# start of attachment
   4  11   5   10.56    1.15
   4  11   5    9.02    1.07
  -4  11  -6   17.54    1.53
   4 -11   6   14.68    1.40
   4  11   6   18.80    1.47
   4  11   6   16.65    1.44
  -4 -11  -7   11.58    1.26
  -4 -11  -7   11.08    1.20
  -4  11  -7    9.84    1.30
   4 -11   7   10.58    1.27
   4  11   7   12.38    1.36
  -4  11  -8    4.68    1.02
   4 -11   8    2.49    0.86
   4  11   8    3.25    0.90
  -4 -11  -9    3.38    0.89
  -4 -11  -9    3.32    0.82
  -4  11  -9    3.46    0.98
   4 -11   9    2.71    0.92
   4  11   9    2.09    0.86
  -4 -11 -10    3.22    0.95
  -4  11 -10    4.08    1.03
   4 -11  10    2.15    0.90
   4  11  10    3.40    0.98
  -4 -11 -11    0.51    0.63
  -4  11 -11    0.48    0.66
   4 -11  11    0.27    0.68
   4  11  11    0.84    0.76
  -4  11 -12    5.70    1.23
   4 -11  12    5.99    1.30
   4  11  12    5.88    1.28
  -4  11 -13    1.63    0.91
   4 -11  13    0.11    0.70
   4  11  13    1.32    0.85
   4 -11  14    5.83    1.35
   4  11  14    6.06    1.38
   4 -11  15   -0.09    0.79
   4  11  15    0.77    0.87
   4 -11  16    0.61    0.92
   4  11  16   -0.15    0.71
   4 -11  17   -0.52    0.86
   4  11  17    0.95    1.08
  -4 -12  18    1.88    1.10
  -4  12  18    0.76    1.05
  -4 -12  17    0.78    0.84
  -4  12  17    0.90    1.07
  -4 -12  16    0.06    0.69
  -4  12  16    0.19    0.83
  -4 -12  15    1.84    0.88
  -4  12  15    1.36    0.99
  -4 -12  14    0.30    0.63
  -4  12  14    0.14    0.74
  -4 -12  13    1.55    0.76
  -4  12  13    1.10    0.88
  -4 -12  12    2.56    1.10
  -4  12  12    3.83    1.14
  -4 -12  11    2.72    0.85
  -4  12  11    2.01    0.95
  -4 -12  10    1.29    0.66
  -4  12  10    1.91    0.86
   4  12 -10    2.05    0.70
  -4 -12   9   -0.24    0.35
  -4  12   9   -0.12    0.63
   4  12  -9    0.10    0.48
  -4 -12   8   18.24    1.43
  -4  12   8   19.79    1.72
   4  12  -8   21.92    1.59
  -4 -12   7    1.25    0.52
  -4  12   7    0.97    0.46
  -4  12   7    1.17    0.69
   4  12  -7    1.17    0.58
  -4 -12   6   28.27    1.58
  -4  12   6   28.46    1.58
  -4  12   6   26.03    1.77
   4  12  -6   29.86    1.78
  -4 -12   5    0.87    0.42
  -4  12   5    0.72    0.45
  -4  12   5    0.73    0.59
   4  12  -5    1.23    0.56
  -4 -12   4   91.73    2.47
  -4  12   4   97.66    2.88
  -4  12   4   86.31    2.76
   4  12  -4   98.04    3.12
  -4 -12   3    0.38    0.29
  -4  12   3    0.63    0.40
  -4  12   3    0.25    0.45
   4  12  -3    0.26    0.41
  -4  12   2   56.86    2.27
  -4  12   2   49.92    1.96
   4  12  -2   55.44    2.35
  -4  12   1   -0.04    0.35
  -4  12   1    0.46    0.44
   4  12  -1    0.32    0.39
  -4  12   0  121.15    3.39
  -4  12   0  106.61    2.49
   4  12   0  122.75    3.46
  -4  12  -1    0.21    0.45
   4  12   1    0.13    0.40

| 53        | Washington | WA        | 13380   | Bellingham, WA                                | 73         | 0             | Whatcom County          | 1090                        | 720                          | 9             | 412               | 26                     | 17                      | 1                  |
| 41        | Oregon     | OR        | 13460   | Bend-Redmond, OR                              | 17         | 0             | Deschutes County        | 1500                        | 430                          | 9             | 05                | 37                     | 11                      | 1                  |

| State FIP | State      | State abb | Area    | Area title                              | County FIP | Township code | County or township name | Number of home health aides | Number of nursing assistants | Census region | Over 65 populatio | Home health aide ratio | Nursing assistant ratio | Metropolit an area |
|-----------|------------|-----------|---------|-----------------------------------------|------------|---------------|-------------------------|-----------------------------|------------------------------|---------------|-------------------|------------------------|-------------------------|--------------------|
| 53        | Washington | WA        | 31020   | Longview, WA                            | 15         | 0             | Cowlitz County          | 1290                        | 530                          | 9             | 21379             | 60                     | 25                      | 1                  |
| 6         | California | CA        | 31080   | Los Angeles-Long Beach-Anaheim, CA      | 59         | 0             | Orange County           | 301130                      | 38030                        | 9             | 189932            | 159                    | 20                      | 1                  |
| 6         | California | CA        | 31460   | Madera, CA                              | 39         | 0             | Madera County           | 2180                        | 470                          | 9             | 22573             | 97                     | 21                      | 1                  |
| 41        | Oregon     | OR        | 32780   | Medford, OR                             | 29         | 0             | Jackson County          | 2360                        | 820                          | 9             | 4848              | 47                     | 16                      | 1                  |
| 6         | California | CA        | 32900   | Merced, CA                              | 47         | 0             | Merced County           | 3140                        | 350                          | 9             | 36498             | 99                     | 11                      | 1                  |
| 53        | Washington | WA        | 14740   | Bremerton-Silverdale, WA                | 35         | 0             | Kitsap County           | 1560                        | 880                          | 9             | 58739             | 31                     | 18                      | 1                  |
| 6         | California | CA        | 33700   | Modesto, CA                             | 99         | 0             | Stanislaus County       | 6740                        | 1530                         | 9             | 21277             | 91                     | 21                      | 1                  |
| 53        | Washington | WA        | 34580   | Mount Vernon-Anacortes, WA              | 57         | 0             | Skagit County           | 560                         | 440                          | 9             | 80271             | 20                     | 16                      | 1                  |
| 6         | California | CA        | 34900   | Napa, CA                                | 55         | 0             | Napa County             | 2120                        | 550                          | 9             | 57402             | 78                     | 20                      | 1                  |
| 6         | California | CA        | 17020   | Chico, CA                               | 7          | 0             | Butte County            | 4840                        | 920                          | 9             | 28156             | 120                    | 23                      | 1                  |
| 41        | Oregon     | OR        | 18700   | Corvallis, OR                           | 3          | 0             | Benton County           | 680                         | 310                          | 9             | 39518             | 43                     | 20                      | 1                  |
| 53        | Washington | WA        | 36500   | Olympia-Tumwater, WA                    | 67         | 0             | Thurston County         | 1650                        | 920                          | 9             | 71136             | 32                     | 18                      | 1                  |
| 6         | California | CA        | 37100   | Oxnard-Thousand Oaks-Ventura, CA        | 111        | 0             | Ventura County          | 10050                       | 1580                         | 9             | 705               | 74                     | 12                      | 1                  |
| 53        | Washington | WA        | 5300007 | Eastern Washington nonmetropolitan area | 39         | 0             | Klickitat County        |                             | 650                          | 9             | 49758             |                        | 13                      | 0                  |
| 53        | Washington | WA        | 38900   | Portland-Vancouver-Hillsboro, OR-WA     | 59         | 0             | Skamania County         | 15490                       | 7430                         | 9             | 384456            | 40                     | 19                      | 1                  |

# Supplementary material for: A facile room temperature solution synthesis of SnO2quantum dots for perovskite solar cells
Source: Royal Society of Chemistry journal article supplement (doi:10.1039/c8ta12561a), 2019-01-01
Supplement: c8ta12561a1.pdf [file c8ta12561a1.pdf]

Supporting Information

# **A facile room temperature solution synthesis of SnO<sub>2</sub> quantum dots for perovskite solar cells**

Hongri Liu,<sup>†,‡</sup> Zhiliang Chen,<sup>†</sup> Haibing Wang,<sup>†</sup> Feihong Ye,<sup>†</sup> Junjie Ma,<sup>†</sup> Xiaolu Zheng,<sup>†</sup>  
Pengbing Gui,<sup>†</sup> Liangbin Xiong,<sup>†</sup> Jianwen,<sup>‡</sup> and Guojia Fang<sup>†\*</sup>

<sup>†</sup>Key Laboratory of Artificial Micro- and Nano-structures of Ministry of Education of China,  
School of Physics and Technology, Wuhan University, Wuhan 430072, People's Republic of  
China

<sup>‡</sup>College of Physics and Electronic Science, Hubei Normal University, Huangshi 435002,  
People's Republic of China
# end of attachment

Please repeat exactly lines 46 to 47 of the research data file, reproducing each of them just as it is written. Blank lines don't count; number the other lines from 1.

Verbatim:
  -4 -12  16    0.06    0.69
  -4  12  16    0.19    0.83